2. Case Report We visited a 45-years-old man with a diagnosis of ODS for rectal prolapse and anemia for a 3rd degree bleeding hemorrhoidal nodule. In anamnesis, the patient reported a diagnosis of sigmoid diverticulosis. After routine preoperative exams, the patient was treated to a rectal prolapsectomy with stapled trans-anal rectal resection (STARR) and submucosal hemorrhoidectomy. The postoperative recovery was not complicated, and the patient was discharged on the second day after surgery in good clinical conditions, without fever, and with antibiotic therapy. On the 4th day after surgery, the patient returned to the hospital with no specific acute abdominal pain. At the new recovery, the patient didn’t have a fever, and the white blood cells were normal. The clinical observation at the admission didn’t show a peritoneal syndrome or a positive Blumberg sign neither. According to the anamnesis, we suspected an acute diverticulitis syndrome, and we decided to continue the antibiotic therapy. Two days after, the patient presented fever and abdominal pain in the right pelvic area; the Blumberg sign became positive. The blood values showed a slight increase of white blood cells (12.5) and a worsening of the anemia (HB 8.5, HCT 21%). According to the new clinical conditions, we decided to make an abdominal CT scan that showed free air under the right diaphragm but didn't show free liquid in the abdomen (Figure 1); the mechanical rectal suture was complete, and the CT scan didn't show free air in the mesorectal and pelvic area (Figure 2). We decided to perform an exploratory laparoscopy that didn't present abnormality in the left side of the abdomen or signs of left diverticular perforation but showed the presence of an abscess in the right paracolic gutter. Considering the abscess and the ileo-peritoneal adherences, we decided to perform laparotomy access with an enlarged McBurney incision. We found a retrocecal no-perforated appendicitis, the tip of which was fixed at the ileus, 20 cm to the ileocecal valve, close to perforation. We made a regular appendicectomy, closed the ileus hole, did an abdominal washing, and then was positioned drainage in the right paracolic gutter. On the first postoperative day, the patient was in good general conditions without pain and fever; the blood analysis values were in the Range. On the third postoperative day, the patient had a regular bowel transit. On the fifth postoperative day, the patient had a high fever (39.5°), leukocytosis (19.000) with neutrophilia (89%), low hemoglobin (7.5, HCT, 21%), and the bowel transit was blocked. Free air persisted in the upper part of the abdomen at the control CT scan, without free fluid; simultaneously, bilateral pleural effusion was found. Under the infectious disease specialist (IDS), we started a triple antibiotic therapy with metronidazole, ciprofloxacin, and meropenem; before starting the antibiotic treatment, we performed a blood culture with a negative result. The day after, the patient presented fever and frontal headache; anamnesis had reported an episode of frontal sinusitis almost seven months before, for which he necessitated a hospitalization. So was performed a rhinoscopy that was positive for multidrug-resistant Streptococcus Pneumoniae; the antibiotic therapy was not modified but was added betamethasone in aerosol and intravenous. A few hours later, the patient didn't present fever, and he remained apyretic for the next 24 hours. On the ninth day after surgery, the patient presented fever again (39°C), with white blood cells and PCR increased. The IDS, in consideration of the pleural effusion and the abdominal distension, advised continuing the therapy with the antibiotic association and the betamethasone. The patient was apyretic for the next 72 hours, so he was discharged in good clinical conditions with an antibiotic and cortisone home therapy. The histological exam showed appendicitis with serosal and not mucosal inflammation, such as the inflammation was coming from the peritoneum and not from the appendix.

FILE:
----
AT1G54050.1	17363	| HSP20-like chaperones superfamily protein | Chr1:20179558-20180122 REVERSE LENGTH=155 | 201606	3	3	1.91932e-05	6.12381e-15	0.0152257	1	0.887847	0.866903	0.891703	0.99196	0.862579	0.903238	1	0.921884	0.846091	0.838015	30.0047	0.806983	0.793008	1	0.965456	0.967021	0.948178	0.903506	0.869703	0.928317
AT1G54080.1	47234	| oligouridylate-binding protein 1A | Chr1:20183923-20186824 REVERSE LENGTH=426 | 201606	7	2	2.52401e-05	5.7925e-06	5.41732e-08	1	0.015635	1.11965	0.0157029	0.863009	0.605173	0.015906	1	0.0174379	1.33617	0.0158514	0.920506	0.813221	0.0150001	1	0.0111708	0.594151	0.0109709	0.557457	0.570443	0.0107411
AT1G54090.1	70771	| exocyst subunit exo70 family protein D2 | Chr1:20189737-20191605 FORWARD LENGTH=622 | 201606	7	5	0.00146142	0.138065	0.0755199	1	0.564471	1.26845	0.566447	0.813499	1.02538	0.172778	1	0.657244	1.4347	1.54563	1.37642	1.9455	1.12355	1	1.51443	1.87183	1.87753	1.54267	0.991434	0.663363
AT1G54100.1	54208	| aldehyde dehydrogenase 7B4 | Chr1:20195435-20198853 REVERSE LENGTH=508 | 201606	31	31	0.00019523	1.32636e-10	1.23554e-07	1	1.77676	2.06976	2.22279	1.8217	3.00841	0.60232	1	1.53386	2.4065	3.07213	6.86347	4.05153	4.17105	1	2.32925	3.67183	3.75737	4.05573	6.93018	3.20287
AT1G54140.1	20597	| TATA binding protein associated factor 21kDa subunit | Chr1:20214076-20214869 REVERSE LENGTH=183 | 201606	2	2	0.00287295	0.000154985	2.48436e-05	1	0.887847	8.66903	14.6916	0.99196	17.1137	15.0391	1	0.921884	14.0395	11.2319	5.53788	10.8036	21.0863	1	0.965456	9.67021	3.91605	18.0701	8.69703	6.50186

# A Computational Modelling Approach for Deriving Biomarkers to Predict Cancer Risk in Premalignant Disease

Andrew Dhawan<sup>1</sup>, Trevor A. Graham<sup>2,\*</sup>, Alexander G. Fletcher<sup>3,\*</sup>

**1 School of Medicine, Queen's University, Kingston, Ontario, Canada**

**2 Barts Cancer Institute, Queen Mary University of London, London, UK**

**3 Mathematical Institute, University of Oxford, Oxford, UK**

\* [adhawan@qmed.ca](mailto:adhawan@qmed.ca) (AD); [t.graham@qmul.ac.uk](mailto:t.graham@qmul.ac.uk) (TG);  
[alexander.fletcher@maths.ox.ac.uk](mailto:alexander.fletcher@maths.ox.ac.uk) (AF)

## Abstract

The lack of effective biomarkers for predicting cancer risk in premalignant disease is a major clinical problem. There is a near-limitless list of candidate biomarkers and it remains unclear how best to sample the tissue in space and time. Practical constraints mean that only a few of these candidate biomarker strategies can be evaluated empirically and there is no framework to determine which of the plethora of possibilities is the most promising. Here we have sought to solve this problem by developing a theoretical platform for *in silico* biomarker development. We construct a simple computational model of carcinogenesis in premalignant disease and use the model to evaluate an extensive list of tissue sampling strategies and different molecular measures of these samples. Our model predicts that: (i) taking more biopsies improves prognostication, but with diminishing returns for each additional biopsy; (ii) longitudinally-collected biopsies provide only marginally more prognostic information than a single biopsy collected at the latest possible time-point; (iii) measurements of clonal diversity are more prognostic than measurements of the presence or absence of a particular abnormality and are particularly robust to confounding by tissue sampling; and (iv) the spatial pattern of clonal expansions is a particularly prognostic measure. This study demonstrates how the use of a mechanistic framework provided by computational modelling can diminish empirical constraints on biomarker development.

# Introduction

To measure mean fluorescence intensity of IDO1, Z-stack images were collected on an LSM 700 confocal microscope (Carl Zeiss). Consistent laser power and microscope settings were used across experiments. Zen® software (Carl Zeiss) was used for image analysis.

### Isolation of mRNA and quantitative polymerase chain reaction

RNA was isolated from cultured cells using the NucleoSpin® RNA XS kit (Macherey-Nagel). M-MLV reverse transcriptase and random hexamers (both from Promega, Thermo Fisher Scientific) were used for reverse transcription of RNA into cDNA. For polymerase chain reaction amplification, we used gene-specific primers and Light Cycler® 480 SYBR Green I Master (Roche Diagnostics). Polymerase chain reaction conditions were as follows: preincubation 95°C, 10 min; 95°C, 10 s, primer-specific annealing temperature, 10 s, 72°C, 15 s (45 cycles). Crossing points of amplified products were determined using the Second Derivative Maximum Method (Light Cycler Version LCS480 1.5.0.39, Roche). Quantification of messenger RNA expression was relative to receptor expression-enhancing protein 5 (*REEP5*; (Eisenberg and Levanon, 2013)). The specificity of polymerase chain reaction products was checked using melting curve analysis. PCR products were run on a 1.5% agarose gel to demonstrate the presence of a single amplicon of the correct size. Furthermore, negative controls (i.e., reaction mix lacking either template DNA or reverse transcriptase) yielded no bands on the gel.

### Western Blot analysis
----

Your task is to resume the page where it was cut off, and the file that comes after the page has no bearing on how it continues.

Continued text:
3. Discussion JID represents 18% of all small bowel diverticula, but they are most likely to become symptomatic in a patient’s lifetime compared to other small bowel diverticula [4, 5]. Although the true etiology of jejunal diverticula is unknown, this condition is believed to develop from a combination of intestinal motility disorders, focal weakness of the muscularis, and high segmental intra-luminal pressures [6, 7]. These patients exhibit a constellation of symptoms that range from early satiety, bloating, chronic upper abdominal discomfort, and vague abdominal pain to a syndrome of bloating, steatorrhea, and malabsorption [8]. The diagnosis of a perforated diverticulum is rarely made preoperatively; in the emergency setting, abdominal CT is the modality of choice with findings that include thickening or inflammation of the jejunum and mesentery, localized abscess formation, air-fluid collection in contiguity with SB loops, free peritoneal air, and occasionally visualization of the diverticulum [10, 11]. This case report is an example of a delayed diagnosis due to a rare condition as the simultaneous presence of two different and not related surgical diseases in a young adult patient without other risks; in these cases, a delayed diagnosis could make the prognosis worse [3, 4, 12]. This patient had just been operated on with a STARR technique for an Obstructed Defecation Syndrome, so he took antalgic and antibiotic therapy, which hid the symptoms and delayed the accurate diagnosis; moreover, the anamnesis of diverticular disease moved the attention on acute diverticular inflammation. Our patient, relying on the operation and especially on the histological examination, had a Jejunoileal Diverticulum (JID) that has perforated itself and created localized peritonitis close to the appendix, a clinical presentation like common appendicitis. In this case, the exploratory laparoscopy was resolutive because the CT scan didn't show the real side of the bowel perforation. In our case, another element of confusion for the diagnosis was the intermittent fever, which was probably caused by the association of peritonitis, frontal sinusitis, and pleural effusion, with the presence of multidrug-resistant bacteria, so this inflammatory syndrome needed an association of antibiotic and cortisone therapy to get out.

4. Conclusion This case is an example of a rare and under-diagnosed condition that may require immediate surgical intervention. In general, we recommend approaching a new clinical case considering the operation he did before and considering the possibility of a different diagnosis not related to the previous condition. Diagnosis before surgical intervention may now be substantially aided by modern imaging modalities, particularly Computed Tomography (CT) [13]. However, we report, as in the literature [14- 16], that sometimes an exploratory laparoscopy is better to show the actual damage and to perform a resolutive operation.

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Enrico Guarino. Concomitant Diseases in a Complex Case of Peritonitis after Stapled Trans Anal Rectal Resection (Starr) in Obstructed Defecation Syndrome (Ods). Role of a Diagnostic and Therapeutic Multidisciplinary Approach. Annals of Clinical and Medical Case Reports 2022